Monday, February 24, 2014

Splendor at Twilight

Beauty is perhaps the least unconditional of gifts.

I'm doing what we so often do on a quiet evening, watching TCM, and tonight it's a particular - well, favorite doesn't seem quite right, given the sere, bitter tone of the film - but let's say favorite, for lack of a better word: Ship of Fools.

It's far from a perfect film.  It features the usual all-over-the-place accents that dog movies set "abroad" that feature performers of many nations, many not playing anything like their own origin.  Its costumes, makeup, and hair bear only the most passing of resemblances to the era - the early 1930s - in which it's putatively set.  It is portentous (in a "people come, people go," Grand Hotel sort of way), it is talky, and in spots it is, undeniably, unintentionally funny.

But you can't look away.  Simone Signoret is gripping as a drug-addled countess; George Segal is infuriating but shockingly handsome as a headstrong young American artist; German character actor Heinz Rühmann is heartbreaking as a Jewish salesman ("There are a nearly a million Jews in Germany - what are they going to do? Kill all of us?").  Most of all though, there is Miss Vivien Leigh, for one last time inhabiting a fragile, damaged character with her special brand of fragile, damaged indomitability.

In this and her other late film, The Roman Spring of Mrs. Stone, Leigh examines what happens to the pretty, pretty girl when the pretty's gone, or just a memory.  It's enough to make one glad that looks have never been one's stock in trade, for their vanishing seems to leave little behind but resentment and regrets.  She plays vain women with a lack of vanity that lacerates in part because you can see how much it pains her to do so.

In the end, the ship reaches Bremerhaven, and the company disperses, back into their own lives and into history.  As a film, it may not quite measure up to Katherine Anne Porter's monumental novel, but it can stand on its own in the way it looks at love.  "Love me," says Leigh's brittle divorcée, "whether I am able to love. Even is there is no such thing as love. Love me."  It's never enough; she knows that, and played out large and small, so do all the passengers on the Ship of Fools.  What sets apart the wise fools - Leigh, and the wry dwarf, and the others with any self-awareness - is that they realize it, but even so, when the ship's band plays "Tales from the Vienna Woods," they dance...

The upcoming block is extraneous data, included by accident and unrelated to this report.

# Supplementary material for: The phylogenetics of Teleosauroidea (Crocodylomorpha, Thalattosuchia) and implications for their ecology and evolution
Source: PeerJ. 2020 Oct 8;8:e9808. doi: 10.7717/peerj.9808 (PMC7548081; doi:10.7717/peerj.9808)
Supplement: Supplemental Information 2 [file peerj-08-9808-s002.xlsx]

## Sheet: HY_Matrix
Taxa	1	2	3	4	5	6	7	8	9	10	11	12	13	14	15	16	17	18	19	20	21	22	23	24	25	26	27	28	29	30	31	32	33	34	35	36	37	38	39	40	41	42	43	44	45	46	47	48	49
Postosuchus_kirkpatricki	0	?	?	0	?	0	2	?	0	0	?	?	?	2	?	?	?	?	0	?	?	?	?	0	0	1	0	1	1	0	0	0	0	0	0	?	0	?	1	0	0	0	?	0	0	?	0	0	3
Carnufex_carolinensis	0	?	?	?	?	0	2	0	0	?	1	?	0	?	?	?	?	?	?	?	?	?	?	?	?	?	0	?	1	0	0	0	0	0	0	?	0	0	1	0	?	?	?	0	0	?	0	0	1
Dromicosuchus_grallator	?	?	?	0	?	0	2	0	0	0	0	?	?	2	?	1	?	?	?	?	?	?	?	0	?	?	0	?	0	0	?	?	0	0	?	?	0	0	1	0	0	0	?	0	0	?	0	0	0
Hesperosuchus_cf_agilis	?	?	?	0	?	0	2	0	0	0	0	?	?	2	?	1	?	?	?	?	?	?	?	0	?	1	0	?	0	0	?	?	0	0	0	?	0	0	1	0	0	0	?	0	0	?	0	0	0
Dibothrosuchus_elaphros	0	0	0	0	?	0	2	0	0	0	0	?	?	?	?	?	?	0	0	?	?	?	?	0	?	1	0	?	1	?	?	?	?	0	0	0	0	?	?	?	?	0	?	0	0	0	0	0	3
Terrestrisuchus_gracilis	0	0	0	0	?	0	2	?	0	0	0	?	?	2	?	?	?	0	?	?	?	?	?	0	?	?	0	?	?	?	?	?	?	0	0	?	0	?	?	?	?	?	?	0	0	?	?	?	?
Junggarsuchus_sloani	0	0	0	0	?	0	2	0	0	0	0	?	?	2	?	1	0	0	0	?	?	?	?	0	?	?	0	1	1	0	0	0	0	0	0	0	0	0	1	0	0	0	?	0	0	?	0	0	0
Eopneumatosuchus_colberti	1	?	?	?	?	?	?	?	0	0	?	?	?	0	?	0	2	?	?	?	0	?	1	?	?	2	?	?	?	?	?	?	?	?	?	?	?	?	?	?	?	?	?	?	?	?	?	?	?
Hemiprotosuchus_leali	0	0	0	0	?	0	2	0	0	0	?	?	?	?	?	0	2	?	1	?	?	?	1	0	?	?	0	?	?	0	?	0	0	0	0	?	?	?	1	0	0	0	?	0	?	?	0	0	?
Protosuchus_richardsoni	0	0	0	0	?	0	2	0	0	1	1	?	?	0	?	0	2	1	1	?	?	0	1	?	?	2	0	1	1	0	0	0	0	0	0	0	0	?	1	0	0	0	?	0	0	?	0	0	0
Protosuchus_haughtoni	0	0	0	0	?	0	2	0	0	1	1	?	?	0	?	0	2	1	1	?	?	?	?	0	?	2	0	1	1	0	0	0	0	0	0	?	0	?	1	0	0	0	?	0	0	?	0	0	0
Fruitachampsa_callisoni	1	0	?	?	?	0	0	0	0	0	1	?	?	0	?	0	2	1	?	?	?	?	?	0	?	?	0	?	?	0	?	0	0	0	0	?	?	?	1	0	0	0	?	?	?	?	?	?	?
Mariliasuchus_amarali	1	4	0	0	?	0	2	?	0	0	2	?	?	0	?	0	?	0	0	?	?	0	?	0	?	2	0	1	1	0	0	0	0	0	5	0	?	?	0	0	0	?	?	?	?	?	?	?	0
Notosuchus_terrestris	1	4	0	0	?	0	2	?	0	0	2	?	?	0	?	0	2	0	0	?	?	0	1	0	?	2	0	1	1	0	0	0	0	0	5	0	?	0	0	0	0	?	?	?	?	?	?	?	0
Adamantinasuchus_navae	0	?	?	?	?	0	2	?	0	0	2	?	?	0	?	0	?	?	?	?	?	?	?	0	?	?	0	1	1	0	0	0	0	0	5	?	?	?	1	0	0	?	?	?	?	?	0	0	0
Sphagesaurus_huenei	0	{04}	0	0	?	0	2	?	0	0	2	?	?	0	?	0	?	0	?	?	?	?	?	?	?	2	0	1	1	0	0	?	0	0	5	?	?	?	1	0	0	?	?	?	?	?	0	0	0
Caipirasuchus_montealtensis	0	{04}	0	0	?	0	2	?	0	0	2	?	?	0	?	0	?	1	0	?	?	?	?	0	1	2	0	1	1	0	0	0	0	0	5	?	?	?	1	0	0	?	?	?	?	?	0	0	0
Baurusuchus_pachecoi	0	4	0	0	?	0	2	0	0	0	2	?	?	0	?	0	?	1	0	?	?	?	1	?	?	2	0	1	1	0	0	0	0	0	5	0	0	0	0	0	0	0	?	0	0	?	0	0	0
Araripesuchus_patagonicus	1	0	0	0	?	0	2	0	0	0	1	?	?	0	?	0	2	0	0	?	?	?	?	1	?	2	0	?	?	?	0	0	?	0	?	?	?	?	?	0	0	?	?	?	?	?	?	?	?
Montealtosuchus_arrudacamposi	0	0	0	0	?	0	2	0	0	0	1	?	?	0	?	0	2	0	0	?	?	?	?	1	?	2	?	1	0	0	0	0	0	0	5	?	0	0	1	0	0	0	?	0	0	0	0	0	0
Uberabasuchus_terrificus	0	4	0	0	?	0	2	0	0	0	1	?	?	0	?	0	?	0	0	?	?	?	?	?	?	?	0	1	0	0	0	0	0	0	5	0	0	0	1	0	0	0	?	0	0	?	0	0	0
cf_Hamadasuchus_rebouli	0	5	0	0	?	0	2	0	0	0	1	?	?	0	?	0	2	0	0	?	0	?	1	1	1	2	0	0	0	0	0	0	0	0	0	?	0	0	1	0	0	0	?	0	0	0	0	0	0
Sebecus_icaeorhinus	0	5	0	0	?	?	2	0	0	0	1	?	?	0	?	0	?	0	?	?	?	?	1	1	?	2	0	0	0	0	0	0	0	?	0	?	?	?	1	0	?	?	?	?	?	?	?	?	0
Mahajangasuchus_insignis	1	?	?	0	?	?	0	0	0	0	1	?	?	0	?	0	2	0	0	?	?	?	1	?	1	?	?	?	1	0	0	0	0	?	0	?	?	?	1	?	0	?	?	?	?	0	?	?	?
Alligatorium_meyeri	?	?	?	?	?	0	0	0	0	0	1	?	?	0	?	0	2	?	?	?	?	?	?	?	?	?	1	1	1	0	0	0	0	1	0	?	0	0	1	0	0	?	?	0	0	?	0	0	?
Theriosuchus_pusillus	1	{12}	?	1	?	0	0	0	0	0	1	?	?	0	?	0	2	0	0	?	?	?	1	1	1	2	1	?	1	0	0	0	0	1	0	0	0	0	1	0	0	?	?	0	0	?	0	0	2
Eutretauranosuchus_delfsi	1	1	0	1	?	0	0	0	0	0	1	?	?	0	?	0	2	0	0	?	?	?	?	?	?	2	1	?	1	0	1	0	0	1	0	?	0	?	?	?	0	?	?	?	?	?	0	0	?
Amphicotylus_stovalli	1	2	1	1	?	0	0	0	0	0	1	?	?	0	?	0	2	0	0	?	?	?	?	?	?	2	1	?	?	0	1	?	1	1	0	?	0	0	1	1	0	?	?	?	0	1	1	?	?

1. By the time "Ship of Fools" was made she had lost her beloved Larry and her mental health. One wonders how she carried on with this film...

    1. By all accounts it was a struggle, but most of those working with her seem to have ended up admiring her determination. It's a remarkable performance, both when it's most volatile (the scene in which she attacks Lee Marvin is genuinely terrifying) and in its quieter moments, when she allows resignation and despair to battle it out in a complex and deeply moving way.

    2. I once had a lovely little conversation with Margery Gray (Mrs. Sheldon Harnick of Fiddler/She Loves Me/Fiorello! fame) about Ms. Leigh. Margery worked with her on Broadway for the better part of 1963 in the musical Tovarich (for which Viv won a Tony). She got rather wistful when I mentioned Ms. Leigh and spoke of her with great affection. She said Ms. Leigh was lovely to her and to the whole cast. She still seemed quite touched and saddened as she made reference to Vivien's illness.